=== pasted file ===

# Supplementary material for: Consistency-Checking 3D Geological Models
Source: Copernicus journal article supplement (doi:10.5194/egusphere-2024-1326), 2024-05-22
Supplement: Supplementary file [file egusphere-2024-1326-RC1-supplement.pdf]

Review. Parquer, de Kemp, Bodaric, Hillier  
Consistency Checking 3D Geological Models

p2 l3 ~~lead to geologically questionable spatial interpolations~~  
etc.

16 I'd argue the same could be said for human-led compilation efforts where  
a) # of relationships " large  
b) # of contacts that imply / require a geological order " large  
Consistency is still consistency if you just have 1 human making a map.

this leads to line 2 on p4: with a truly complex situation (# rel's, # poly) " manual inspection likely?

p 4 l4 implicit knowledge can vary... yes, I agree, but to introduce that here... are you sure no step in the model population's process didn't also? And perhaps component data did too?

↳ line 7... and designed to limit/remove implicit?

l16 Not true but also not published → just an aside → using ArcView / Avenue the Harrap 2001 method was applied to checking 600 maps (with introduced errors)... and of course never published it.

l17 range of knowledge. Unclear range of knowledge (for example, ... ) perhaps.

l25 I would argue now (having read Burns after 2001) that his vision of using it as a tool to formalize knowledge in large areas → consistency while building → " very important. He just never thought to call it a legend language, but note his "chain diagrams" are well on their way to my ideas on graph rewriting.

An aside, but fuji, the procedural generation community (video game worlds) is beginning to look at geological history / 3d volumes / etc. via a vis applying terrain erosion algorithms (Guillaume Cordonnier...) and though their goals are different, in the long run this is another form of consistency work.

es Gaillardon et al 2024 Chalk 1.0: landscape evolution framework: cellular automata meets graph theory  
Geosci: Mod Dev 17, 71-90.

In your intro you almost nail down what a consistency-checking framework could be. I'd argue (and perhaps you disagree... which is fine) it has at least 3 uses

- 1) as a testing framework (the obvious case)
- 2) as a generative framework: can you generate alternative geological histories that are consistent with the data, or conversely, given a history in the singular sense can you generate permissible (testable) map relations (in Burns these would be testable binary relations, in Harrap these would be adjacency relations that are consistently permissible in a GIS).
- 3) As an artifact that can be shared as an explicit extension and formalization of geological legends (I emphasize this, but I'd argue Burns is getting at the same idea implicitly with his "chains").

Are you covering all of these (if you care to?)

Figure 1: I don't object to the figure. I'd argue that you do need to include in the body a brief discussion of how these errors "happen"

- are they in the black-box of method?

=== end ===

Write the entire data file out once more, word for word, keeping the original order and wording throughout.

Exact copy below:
# Supplementary material for: Consistency-Checking 3D Geological Models
Source: Copernicus journal article supplement (doi:10.5194/egusphere-2024-1326), 2024-05-22
Supplement: Supplementary file [file egusphere-2024-1326-RC1-supplement.pdf]

Review. Parquer, de Kemp, Bodaric, Hillier  
Consistency Checking 3D Geological Models

p2 l3 ~~lead to geologically questionable spatial interpolations~~  
etc.

16 I'd argue the same could be said for human-led compilation efforts where  
a) # of relationships " large  
b) # of contacts that imply / require a geological order " large  
Consistency is still consistency if you just have 1 human making a map.

this leads to line 2 on p4: with a truly complex situation (# rel's, # poly) " manual inspection likely?

p 4 l4 implicit knowledge can vary... yes, I agree, but to introduce that here... are you sure no step in the model population's process didn't also? And perhaps component data did too?

↳ line 7... and designed to limit/remove implicit?

l16 Not true but also not published → just an aside → using ArcView / Avenue the Harrap 2001 method was applied to checking 600 maps (with introduced errors)... and of course never published it.

l17 range of knowledge. Unclear range of knowledge (for example, ... ) perhaps.

l25 I would argue now (having read Burns after 2001) that his vision of using it as a tool to formalize knowledge in large areas → consistency while building → " very important. He just never thought to call it a legend language, but note his "chain diagrams" are well on their way to my ideas on graph rewriting.

An aside, but fuji, the procedural generation community (video game worlds) is beginning to look at geological history / 3d volumes / etc. via a vis applying terrain erosion algorithms (Guillaume Cordonnier...) and though their goals are different, in the long run this is another form of consistency work.

es Gaillardon et al 2024 Chalk 1.0: landscape evolution framework: cellular automata meets graph theory  
Geosci: Mod Dev 17, 71-90.

In your intro you almost nail down what a consistency-checking framework could be. I'd argue (and perhaps you disagree... which is fine) it has at least 3 uses

- 1) as a testing framework (the obvious case)
- 2) as a generative framework: can you generate alternative geological histories that are consistent with the data, or conversely, given a history in the singular sense can you generate permissible (testable) map relations (in Burns these would be testable binary relations, in Harrap these would be adjacency relations that are consistently permissible in a GIS).
- 3) As an artifact that can be shared as an explicit extension and formalization of geological legends (I emphasize this, but I'd argue Burns is getting at the same idea implicitly with his "chains").

Are you covering all of these (if you care to?)

Figure 1: I don't object to the figure. I'd argue that you do need to include in the body a brief discussion of how these errors "happen"

- are they in the black-box of method?